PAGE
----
Though I focus here on monetary rewards and penalties, there are other possibilities. High performance could, instead of increasing a firm’s compensation in the individual contract, merely confer a reputational benefit, increasing its probability of winning future bids. One could give out certificates or “even simply publiciz[e] league tables of recidivism performance.” Or one could reward good performers by giving them more flexibility in future contracts.

b. Rewards or Penalties

Going back to monetary incentives, one can choose between penalties for bad performance and rewards for good performance—or one could have both—though the difference needn’t be that important.

Consider a “rewards” contract that offers a $1 per diem reward for each unit of quality on a hypothetical 0-to-10 scale, so the potential reward is $0 to $10. Suppose Acme Corrections Corp. expects to achieve a quality level of 5 at a total cost of $35 per diem. Then it would be willing to submit a bid of $30 or above for the project; it would just cover its costs with the $30 payment plus the $5 reward. (Recall that prison bids are bids on how much money the contractor will get from the government; a $30 per diem winning bid means that the contractor will be paid $30 per inmate-day.) Suppose bidding is competitive, other firms have similar technology, and Acme is the most efficient firm; then Acme wins the auction with its $30 bid. (A less efficient firm, say one that would require $36 per diem to achieve quality level 5, wouldn’t bid below $31, so Acme, as a more efficient firm, would be automatically rewarded up front for its higher quality by having a better chance of winning the auction. The bids don’t tell us the true social cost, the true cost to the government, or the true quality—that requires waiting for the actual realized level of quality, which determines the level of the reward—but they do signal which firm is (or believes that it is) more efficient.)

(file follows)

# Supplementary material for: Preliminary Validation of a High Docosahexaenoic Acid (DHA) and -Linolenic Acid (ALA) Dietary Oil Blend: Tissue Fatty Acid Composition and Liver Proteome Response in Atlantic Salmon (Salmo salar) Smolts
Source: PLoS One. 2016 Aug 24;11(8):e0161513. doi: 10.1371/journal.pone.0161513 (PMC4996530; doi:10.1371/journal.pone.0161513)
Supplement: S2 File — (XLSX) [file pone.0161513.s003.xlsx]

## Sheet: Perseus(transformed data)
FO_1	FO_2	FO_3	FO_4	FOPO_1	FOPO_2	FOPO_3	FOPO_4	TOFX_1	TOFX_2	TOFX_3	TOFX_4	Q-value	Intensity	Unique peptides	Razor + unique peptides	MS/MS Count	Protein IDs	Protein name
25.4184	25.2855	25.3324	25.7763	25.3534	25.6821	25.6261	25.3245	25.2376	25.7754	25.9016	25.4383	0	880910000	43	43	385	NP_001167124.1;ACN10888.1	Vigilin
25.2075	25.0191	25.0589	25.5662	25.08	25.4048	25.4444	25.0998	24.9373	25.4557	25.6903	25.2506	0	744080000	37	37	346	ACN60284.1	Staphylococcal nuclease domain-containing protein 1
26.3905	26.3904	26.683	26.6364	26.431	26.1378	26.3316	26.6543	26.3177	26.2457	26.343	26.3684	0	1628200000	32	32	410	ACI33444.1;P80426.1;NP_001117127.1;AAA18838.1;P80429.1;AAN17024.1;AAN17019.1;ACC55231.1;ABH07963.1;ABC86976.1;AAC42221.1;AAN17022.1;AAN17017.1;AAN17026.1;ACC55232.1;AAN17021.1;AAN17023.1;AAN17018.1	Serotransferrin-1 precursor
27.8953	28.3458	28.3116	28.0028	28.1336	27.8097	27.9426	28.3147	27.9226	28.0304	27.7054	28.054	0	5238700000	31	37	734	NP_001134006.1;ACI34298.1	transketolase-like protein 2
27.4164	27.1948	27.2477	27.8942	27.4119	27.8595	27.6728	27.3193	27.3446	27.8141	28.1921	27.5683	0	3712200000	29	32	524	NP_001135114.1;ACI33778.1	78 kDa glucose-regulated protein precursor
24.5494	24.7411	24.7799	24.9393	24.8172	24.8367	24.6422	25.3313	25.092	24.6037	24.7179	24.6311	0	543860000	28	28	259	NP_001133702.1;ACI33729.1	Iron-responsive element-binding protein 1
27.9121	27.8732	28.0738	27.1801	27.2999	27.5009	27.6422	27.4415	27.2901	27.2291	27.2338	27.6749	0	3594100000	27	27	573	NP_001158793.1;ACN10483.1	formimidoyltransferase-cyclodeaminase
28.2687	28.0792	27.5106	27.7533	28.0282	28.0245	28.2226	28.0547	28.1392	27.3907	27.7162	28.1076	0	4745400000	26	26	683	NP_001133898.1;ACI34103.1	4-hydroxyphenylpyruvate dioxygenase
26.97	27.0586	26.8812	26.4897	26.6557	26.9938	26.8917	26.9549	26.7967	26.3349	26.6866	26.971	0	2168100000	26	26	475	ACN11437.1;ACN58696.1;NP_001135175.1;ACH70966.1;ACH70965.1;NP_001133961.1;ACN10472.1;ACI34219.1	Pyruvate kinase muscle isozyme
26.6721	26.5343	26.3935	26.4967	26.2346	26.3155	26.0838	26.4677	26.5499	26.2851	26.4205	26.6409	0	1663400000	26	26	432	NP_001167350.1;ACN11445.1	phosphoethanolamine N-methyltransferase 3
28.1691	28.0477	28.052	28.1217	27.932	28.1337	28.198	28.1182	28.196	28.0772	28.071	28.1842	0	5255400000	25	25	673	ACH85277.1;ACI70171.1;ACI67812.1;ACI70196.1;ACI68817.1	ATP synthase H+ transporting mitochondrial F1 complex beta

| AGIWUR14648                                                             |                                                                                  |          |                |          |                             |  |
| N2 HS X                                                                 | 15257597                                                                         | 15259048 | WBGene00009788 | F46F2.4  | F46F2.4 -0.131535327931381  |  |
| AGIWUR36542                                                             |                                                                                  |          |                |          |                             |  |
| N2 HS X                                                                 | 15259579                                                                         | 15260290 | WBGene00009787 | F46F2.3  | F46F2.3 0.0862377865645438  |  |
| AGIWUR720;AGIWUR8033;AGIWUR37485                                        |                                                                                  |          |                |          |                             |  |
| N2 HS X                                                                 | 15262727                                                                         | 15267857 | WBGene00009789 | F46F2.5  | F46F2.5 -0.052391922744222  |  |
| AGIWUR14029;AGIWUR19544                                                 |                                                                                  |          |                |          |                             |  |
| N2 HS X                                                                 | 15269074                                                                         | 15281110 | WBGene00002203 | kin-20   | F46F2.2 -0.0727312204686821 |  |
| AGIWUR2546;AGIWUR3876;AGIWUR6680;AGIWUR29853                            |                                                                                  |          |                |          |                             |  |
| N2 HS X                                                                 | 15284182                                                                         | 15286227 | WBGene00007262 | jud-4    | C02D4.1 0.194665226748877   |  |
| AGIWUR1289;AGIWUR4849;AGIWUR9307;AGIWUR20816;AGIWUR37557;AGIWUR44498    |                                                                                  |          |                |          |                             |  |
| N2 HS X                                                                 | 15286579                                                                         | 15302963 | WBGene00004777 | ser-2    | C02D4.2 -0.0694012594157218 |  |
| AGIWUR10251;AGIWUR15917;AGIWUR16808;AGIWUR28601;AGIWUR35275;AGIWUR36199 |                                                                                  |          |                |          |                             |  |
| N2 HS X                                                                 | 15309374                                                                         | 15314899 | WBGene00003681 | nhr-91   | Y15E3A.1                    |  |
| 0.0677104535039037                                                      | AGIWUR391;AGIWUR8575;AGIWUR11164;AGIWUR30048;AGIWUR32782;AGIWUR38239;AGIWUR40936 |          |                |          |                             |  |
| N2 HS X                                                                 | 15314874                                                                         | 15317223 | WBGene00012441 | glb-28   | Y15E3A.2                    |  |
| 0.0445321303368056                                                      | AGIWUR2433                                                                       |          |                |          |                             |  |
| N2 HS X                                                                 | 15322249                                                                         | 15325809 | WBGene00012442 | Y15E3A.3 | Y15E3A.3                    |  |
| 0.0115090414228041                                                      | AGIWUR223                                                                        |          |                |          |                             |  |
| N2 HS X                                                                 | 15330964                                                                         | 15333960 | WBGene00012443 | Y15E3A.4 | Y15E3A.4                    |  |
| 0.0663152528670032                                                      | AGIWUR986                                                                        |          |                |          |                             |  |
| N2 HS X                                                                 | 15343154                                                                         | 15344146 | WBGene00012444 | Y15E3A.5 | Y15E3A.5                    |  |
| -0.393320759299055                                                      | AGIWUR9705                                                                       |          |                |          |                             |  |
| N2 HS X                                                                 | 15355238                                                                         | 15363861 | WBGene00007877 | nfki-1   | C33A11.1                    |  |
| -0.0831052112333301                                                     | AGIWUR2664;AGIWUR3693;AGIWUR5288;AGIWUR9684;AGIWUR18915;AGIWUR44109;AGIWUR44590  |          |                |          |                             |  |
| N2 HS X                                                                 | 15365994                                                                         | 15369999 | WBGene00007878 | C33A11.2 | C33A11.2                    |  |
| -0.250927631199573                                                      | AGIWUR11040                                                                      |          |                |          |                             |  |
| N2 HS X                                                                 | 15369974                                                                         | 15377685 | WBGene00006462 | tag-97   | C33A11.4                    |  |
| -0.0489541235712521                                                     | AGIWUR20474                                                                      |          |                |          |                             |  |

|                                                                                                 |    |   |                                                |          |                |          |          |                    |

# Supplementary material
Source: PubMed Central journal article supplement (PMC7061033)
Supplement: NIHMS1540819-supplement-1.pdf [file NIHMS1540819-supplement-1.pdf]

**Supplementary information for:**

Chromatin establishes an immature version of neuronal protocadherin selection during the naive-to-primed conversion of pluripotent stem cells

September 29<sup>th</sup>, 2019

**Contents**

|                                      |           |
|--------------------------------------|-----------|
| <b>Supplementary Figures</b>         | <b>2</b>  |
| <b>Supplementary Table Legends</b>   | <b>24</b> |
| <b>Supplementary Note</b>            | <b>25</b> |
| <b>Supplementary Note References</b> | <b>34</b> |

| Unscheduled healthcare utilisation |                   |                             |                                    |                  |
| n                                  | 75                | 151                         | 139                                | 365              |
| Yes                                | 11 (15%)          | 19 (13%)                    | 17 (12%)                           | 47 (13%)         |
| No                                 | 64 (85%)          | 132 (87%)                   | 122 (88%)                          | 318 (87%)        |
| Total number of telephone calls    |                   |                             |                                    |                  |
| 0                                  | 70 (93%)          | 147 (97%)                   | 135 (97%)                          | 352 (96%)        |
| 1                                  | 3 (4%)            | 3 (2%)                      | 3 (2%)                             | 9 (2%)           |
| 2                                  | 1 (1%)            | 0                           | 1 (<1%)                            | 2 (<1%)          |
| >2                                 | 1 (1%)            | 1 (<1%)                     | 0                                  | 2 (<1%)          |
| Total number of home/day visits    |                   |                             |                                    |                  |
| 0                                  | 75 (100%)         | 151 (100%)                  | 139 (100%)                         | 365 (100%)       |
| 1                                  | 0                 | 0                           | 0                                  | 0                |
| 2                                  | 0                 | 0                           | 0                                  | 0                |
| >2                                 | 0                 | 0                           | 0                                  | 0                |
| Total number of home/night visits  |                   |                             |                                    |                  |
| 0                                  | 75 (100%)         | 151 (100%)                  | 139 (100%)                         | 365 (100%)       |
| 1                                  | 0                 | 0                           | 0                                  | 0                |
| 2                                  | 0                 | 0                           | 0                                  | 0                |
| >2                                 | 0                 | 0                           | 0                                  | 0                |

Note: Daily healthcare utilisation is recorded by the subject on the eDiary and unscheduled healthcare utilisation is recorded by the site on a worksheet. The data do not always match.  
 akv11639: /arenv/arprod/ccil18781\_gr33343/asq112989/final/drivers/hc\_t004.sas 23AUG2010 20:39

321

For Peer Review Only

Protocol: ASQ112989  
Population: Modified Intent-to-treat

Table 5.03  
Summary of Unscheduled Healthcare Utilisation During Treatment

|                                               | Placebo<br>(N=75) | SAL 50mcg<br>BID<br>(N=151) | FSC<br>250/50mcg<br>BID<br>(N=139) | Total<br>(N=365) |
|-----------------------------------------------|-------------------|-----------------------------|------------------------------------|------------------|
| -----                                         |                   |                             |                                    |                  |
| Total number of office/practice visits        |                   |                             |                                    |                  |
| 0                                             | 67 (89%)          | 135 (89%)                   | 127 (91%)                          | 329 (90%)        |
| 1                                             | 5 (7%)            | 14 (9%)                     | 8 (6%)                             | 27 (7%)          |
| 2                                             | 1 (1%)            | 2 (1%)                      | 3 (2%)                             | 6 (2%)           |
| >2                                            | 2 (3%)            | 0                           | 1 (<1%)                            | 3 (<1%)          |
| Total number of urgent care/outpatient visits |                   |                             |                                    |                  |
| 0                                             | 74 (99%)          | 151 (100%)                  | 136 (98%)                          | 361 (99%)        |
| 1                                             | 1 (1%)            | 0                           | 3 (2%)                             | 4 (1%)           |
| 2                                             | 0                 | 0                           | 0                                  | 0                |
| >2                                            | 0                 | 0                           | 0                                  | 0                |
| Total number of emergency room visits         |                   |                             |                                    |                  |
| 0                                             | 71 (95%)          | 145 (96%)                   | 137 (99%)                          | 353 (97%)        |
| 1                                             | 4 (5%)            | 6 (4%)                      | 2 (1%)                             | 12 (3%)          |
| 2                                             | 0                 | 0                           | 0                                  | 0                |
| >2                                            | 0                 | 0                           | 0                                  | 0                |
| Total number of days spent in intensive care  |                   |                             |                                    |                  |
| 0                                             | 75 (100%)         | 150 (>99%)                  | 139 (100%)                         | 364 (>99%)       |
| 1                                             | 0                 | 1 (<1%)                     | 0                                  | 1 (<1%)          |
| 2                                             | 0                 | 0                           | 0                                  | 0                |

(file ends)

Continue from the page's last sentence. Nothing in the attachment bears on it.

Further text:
Now consider an alternative “penalties” contract that offers a $1 penalty for each unit of quality below 10 (i.e., 7 units of quality lead to a $3 penalty). This contract has equivalent incentive effects to the previous one: a provider will invest in a unit of quality as long as its cost of doing so is under $1. Therefore, these incentives, as before, make Acme expect to achieve the same quality level of 5, which we have seen carries a total cost of $35 per diem. Now Acme is willing to submit a bid of $40 or above for the project; it would just cover its cost with the $40 payment minus the $5 penalty. Again, with the competitive bidding assumptions listed above, Acme wins the auction with its $40 bid.

So even though the contracts look different, they have essentially identical incentives, and any superficial differences between them are, roughly speaking, ironed out in the bidding process. The provider’s degree of risk aversion doesn’t change the result. The government can offer contracts with penalties, but then it will pay more to the winning bidder; or it can offer contracts with rewards, and the winning bidder will be satisfied with less. (One difference might be in the timing of the payments: if the base price is paid up front while rewards or penalties are processed some time later, the first contract is somewhat less valuable than the second because its payments are more delayed.)

c. Controlling for Baselines

In the same way, it probably doesn’t make a huge difference whether the compensation takes into account the baseline level of quality.